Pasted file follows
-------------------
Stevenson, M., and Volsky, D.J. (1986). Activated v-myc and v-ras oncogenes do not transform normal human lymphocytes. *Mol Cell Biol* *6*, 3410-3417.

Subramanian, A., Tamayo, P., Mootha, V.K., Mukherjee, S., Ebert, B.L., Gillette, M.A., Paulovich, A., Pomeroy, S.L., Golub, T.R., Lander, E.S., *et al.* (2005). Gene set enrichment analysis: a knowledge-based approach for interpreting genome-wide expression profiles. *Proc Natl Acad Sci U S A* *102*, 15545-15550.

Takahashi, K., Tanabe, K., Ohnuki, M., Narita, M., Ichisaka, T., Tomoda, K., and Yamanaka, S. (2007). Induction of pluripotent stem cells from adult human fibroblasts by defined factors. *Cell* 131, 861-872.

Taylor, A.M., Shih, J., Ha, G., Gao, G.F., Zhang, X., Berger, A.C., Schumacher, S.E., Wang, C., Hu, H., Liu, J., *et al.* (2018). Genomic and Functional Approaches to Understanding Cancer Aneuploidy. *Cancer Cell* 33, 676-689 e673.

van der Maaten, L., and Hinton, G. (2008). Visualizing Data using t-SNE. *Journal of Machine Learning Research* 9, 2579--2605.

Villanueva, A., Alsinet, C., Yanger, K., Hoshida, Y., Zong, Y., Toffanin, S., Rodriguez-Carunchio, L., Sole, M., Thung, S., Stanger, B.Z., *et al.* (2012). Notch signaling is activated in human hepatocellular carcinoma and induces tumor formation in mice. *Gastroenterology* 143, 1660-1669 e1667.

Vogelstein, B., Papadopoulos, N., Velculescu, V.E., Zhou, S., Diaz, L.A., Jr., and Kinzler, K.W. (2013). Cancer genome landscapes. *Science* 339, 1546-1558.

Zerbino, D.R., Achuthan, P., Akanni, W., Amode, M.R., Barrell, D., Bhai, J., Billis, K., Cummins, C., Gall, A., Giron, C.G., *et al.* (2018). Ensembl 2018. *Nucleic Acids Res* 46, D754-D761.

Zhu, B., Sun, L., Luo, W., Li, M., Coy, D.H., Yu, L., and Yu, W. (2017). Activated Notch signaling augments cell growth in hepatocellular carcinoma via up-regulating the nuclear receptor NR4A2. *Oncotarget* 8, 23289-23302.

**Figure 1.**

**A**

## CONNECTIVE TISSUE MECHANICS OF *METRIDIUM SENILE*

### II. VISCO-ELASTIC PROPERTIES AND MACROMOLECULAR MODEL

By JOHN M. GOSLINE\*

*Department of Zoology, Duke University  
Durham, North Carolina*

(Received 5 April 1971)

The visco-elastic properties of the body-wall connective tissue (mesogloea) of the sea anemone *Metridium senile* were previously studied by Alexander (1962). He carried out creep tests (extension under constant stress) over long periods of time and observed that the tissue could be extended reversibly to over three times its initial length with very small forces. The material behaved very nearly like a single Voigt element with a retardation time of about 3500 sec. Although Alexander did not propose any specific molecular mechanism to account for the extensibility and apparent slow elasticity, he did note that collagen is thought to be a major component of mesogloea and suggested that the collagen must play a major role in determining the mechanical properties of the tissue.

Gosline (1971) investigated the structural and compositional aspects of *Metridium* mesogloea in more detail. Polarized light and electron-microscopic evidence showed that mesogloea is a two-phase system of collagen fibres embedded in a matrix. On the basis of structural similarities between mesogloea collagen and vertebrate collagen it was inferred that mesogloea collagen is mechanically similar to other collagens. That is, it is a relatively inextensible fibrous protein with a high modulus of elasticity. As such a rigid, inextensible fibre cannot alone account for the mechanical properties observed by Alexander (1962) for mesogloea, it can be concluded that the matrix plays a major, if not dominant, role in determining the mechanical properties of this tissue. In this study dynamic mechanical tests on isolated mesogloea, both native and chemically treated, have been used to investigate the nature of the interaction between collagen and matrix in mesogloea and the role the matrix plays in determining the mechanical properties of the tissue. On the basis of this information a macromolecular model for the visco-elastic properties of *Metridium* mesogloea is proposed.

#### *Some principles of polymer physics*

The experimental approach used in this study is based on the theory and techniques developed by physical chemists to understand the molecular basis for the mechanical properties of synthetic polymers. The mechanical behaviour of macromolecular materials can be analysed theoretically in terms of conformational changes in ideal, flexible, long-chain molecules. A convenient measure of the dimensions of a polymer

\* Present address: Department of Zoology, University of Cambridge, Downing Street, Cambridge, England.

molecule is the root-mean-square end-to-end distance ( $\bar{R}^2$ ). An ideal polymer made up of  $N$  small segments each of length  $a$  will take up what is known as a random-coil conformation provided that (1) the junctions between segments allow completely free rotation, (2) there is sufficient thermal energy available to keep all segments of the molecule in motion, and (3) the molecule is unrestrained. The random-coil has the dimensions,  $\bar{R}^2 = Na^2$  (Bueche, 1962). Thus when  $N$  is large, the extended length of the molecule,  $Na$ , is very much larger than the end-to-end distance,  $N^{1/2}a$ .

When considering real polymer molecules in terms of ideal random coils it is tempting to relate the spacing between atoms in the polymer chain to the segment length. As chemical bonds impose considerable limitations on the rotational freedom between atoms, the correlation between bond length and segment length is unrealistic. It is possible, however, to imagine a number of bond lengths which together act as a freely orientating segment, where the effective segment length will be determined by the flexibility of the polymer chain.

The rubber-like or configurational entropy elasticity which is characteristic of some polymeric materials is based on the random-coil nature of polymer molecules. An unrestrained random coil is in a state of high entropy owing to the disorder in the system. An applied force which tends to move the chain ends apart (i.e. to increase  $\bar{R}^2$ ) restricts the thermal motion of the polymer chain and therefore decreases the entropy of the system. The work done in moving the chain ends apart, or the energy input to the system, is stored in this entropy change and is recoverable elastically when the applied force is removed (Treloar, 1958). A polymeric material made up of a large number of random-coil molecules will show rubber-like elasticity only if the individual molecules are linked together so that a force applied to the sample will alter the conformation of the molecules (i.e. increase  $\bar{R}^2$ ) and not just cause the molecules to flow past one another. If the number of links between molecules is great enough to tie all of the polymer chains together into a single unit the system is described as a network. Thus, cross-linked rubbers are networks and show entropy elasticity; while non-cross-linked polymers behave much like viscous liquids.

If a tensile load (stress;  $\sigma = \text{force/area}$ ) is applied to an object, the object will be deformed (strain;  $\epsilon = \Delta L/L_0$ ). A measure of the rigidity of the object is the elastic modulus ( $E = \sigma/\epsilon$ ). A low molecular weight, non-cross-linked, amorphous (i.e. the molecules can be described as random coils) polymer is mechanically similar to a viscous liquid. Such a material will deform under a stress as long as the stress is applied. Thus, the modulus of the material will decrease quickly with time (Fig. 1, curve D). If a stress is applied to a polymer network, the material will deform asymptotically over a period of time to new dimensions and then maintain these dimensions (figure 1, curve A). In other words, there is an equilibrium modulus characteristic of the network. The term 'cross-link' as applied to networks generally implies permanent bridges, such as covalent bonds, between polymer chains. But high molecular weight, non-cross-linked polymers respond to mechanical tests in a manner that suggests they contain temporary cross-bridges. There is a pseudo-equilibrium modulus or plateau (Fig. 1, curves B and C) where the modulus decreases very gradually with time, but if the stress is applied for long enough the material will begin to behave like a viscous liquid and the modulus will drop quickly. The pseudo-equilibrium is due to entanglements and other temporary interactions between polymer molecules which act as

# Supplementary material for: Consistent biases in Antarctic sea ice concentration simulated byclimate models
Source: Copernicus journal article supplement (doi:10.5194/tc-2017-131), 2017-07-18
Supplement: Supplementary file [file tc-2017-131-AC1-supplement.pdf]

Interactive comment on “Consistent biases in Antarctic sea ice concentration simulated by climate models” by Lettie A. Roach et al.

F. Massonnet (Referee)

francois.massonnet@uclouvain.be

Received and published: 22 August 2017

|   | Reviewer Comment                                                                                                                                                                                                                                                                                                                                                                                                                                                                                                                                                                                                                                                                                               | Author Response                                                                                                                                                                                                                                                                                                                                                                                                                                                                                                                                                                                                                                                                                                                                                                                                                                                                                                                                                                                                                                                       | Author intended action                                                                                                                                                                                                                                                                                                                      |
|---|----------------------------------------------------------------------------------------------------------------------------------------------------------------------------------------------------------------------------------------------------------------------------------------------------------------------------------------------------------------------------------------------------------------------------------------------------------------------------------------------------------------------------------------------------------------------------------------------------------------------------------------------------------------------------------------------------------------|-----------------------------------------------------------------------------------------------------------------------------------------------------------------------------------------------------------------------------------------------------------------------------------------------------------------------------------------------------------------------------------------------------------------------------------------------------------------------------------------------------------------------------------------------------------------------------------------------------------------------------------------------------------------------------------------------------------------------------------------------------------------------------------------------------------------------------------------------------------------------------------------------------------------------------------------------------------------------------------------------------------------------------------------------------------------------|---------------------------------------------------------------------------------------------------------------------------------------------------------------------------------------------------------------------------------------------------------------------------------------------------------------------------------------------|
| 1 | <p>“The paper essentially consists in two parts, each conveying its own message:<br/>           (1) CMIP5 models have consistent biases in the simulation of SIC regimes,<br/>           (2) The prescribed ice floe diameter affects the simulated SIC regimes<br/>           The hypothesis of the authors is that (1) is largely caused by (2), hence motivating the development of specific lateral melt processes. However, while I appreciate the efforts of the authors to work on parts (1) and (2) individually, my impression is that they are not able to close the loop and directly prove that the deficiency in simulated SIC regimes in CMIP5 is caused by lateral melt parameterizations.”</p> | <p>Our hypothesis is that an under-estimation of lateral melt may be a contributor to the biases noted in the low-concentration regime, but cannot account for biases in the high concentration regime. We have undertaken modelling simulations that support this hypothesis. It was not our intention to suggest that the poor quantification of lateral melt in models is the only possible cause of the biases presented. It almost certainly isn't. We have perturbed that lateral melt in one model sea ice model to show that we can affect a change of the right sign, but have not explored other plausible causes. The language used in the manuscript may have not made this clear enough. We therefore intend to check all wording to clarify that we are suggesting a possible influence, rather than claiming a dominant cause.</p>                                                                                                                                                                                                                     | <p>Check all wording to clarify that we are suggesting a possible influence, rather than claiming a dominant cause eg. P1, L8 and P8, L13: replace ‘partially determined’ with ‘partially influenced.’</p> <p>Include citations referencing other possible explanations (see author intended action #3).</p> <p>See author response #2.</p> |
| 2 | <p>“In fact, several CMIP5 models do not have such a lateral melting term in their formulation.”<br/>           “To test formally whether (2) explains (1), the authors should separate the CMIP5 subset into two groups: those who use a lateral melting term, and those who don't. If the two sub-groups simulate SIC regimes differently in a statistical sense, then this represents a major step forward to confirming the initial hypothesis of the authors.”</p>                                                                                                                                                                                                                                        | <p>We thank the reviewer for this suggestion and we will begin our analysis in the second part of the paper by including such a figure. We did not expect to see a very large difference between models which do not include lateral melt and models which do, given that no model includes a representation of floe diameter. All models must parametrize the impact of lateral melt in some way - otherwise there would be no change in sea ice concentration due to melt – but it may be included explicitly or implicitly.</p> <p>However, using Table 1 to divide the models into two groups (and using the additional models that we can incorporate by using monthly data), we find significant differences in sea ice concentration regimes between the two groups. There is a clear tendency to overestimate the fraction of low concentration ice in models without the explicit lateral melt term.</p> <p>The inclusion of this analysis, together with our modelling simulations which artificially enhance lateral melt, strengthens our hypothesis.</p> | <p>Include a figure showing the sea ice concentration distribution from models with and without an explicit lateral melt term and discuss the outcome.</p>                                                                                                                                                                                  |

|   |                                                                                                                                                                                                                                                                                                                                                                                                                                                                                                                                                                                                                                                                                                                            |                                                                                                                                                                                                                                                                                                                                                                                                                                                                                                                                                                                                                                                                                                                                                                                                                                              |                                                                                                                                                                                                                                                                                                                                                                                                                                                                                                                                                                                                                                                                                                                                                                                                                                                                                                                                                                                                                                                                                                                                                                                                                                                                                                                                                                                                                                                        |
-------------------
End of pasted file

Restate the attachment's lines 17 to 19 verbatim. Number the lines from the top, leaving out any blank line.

(Received 5 April 1971)

The visco-elastic properties of the body-wall connective tissue (mesogloea) of the sea anemone *Metridium senile* were previously studied by Alexander (1962). He carried out creep tests (extension under constant stress) over long periods of time and observed that the tissue could be extended reversibly to over three times its initial length with very small forces. The material behaved very nearly like a single Voigt element with a retardation time of about 3500 sec. Although Alexander did not propose any specific molecular mechanism to account for the extensibility and apparent slow elasticity, he did note that collagen is thought to be a major component of mesogloea and suggested that the collagen must play a major role in determining the mechanical properties of the tissue.

Gosline (1971) investigated the structural and compositional aspects of *Metridium* mesogloea in more detail. Polarized light and electron-microscopic evidence showed that mesogloea is a two-phase system of collagen fibres embedded in a matrix. On the basis of structural similarities between mesogloea collagen and vertebrate collagen it was inferred that mesogloea collagen is mechanically similar to other collagens. That is, it is a relatively inextensible fibrous protein with a high modulus of elasticity. As such a rigid, inextensible fibre cannot alone account for the mechanical properties observed by Alexander (1962) for mesogloea, it can be concluded that the matrix plays a major, if not dominant, role in determining the mechanical properties of this tissue. In this study dynamic mechanical tests on isolated mesogloea, both native and chemically treated, have been used to investigate the nature of the interaction between collagen and matrix in mesogloea and the role the matrix plays in determining the mechanical properties of the tissue. On the basis of this information a macromolecular model for the visco-elastic properties of *Metridium* mesogloea is proposed.